Following a summit meeting between Mr. Sauli Niinistö, President of Finland, and Shinzo Abe, Prime Minister of Japan, the two countries announced the further strengthening of their cooperative relationship across the Arctic region.
The two leaders stressed the geopolitical importance of the region to each nation in part derived from their location near the eastern and western termini of the Northern Sea Route.
As part of the three-day visit to Japan from March 8-11 Mr. Niinistö and Mr. Abe discussed their shared vision for a strategic partnership in the Arctic, which included a reaffirmation of the importance of environmental protection, sustainable use of natural resources including energy, minerals, forestry, and fisheries, as well as the protection of the rights of indigenous peoples across the region.
Additionally, the two leaders stressed the importance of economic development across the Barents region drawing on political will and academic resources to further develop commercial opportunities.
The two countries’ ongoing cooperation in the Arctic includes a number of “Arctic fact-finding missions” conducted in June 2014 as well as in March and May 2015, primarily focused on the energy and shipping sectors. Furthermore, Japan’s National Institute of Polar Research (NIPR) and the Finnish Meteorological Institute (FMI) recently began collaboration on a wide range of research areas, including the impact of climate change on Arctic snow coverage and the utilization of satellite simulations to enhance safety in Arctic shipping.
Arctic shipping key interest for Japan
Of particular interest to each nation is the further utilization of the Northern Sea Route and the linking of Northern Europe to Asia via this shipping shortcut. Both countries see their strategic locations at the western and eastern reaches of the NSR as a natural avenue for cooperation and the two politicians affirmed their commitment to “advance dialogue and cooperating in their shared interests [and] further utilization of the NSR.”
Especially Japan’s large northern ports on the island of Hokkaido represent a potential hub for traffic coming from or going to the Bering Strait.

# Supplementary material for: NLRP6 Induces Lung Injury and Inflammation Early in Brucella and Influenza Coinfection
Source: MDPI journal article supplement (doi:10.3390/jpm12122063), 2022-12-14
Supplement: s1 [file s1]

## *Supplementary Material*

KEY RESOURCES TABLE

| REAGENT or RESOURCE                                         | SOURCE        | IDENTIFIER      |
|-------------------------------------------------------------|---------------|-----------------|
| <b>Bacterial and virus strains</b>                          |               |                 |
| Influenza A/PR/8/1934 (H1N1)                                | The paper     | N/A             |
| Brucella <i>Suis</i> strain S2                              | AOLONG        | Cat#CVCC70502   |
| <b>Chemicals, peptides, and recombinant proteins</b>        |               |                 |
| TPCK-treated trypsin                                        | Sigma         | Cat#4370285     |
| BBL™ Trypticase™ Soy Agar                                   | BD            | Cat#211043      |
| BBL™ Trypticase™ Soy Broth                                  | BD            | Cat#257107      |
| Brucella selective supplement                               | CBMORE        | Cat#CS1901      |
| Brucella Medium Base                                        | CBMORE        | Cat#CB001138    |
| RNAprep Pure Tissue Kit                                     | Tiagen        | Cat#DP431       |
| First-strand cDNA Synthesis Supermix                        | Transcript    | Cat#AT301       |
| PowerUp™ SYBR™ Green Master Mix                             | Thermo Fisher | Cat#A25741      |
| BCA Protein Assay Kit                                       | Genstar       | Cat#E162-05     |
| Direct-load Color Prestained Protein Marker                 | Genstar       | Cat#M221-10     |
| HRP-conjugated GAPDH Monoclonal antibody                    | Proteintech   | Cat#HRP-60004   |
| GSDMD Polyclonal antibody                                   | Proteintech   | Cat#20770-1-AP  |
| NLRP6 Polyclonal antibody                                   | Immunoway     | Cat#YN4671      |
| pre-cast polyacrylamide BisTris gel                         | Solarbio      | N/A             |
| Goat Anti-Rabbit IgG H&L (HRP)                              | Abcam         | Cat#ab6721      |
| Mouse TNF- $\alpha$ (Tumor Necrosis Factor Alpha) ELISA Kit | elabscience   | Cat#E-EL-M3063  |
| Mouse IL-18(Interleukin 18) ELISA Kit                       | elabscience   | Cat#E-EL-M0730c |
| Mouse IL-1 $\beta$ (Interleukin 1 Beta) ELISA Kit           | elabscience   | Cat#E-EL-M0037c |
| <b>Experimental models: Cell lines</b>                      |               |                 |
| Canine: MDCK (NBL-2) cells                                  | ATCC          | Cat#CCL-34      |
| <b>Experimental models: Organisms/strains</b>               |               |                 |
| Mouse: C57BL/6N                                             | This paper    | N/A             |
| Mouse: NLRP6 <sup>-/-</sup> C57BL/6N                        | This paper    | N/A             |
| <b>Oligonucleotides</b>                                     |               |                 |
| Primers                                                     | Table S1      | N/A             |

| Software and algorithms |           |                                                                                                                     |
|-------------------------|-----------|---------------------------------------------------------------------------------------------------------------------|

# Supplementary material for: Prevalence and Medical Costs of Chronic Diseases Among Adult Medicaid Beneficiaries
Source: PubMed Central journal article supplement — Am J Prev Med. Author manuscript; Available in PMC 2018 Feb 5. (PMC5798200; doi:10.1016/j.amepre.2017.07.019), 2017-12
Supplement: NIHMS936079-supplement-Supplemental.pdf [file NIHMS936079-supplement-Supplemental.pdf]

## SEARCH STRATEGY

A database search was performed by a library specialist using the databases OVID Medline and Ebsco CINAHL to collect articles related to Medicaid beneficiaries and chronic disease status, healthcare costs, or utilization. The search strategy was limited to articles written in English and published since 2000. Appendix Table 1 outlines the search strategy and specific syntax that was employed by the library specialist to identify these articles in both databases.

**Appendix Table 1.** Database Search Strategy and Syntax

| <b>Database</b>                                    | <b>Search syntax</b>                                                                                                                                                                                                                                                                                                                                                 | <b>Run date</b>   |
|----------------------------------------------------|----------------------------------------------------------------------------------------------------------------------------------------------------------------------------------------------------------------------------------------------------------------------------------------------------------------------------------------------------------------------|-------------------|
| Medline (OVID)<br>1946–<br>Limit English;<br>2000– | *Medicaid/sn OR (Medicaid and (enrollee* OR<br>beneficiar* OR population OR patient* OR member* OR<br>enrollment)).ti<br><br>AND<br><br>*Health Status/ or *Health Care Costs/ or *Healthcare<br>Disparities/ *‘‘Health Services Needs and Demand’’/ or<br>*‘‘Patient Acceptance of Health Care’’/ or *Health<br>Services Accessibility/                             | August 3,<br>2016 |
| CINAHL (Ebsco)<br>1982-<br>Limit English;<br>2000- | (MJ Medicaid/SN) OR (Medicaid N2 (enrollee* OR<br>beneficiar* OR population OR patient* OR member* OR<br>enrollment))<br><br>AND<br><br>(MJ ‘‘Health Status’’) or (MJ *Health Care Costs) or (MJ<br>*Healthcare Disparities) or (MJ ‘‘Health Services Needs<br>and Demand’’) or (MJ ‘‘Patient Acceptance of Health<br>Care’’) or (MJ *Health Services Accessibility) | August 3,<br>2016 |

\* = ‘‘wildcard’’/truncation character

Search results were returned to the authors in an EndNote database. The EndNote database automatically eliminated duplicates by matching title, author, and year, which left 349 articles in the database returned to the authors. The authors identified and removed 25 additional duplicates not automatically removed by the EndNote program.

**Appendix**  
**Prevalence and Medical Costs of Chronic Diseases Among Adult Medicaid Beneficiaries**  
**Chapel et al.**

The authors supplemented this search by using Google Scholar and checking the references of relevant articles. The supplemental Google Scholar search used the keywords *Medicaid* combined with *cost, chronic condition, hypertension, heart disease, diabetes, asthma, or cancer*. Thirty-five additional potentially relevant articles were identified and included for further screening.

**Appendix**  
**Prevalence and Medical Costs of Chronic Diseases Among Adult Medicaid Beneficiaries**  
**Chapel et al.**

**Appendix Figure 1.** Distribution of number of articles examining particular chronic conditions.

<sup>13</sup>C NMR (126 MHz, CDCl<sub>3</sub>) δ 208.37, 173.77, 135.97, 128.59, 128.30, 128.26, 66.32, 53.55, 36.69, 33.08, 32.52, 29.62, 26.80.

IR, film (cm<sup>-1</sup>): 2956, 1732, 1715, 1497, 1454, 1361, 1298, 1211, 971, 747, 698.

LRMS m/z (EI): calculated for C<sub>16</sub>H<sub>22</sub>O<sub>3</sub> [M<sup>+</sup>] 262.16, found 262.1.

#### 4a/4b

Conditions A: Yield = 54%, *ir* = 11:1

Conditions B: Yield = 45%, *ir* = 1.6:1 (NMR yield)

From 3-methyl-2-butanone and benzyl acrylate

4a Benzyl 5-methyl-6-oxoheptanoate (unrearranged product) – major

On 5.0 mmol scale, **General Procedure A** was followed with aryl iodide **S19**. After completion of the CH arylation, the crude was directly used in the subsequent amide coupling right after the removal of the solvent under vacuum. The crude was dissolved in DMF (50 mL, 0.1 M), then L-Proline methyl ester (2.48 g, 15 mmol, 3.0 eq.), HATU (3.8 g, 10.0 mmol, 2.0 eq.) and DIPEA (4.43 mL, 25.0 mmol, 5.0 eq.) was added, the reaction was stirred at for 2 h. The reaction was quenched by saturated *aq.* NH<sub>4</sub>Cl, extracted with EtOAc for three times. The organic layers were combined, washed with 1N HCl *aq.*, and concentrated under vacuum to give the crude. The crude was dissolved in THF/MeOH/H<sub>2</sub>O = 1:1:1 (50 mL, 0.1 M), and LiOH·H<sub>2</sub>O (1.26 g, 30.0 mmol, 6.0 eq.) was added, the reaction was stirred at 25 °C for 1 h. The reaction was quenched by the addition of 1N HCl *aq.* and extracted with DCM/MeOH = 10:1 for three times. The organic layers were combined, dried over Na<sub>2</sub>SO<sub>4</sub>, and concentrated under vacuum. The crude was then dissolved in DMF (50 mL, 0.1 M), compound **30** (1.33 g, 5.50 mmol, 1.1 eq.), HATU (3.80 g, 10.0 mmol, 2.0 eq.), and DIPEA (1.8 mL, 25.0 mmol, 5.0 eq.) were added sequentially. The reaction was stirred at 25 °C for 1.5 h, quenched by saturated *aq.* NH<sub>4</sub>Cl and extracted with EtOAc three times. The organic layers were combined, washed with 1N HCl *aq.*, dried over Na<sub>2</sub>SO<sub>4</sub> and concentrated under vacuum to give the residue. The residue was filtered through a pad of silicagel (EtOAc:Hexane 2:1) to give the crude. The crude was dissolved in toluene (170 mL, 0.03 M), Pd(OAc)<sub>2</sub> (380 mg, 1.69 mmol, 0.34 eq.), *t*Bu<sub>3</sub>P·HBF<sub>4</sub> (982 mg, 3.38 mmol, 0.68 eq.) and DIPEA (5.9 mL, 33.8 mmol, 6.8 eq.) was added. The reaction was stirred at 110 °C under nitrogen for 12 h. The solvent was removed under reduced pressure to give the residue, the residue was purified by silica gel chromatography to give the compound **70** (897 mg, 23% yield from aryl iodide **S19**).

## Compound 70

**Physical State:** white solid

Japan, in particular, has been an early benefactor of shipping along the NSR receiving shipments of liquefied natural gas (LNG) produced at Norway’s facility at Hammerfest in 2012 and 2013 as well as two shipments of Naphtha in 2013 to the ports of Chiba, Futtsu, Mizushima, and Tobata.
Additionally, Japan port of Osaka received a delivery of seafood from Norway via the NSR in 2015. The importance of Arctic shipping was also underscored at a recent press conference where Japan’s ambassador for Arctic affairs announced closer cooperation between Japan and Russia to increase navigation along the route and to research the Yamal LNG project.
Rule of Law key to Shipping
With respect to shipping Japan and Finland stressed the importance of the adherence to the Law of the Sea and the peaceful settlement of any maritime disputes in accordance with international agreements, such as the United Nations Convention on the Law of the Sea (UNCLOS). The freedom of navigation of the seas and secure access to international markets has long been a key priority to both nations.
Earlier in 2016, in a speech titled “The Bounty of the Open Seas: Five Principles for Japanese Diplomacy”, Mr. Abe highlighted the country’s heavy reliance on shipping to import and export most its goods and stated that as an island nation the “safety of the seas” and “its own safety” are inseparable. Especially following the shut-down of most of its nuclear plants in the aftermath of the 2011 earthquake, Japan’s need for hydrocarbon-based energy imports increased significantly, some of which were fulfilled via the NSR.
Bilateral trade stagnant since 2008
Trade between the two countries experienced steady growth between 2001-2008 but has been largely stagnant since the economic downturn of 2009.
Japanese imports from Finland grew from USD 870 million in 2001 to nearly USD 2 billion in 2008. In 2015 imports totaled USD 1.45 billion with wood and paper products accounting for around 35 percent of trade. Similarly, the overall trade volume, peaked near USD 4 billion in 2007 but has since hovered around USD 2.5 billion.
In light of these stagnant trade figures, it remains to be seen if closer cooperation in the Arctic and taking advantage of developing shipping routes can provide a needed stimulus and reinvigorate trade between the two countries.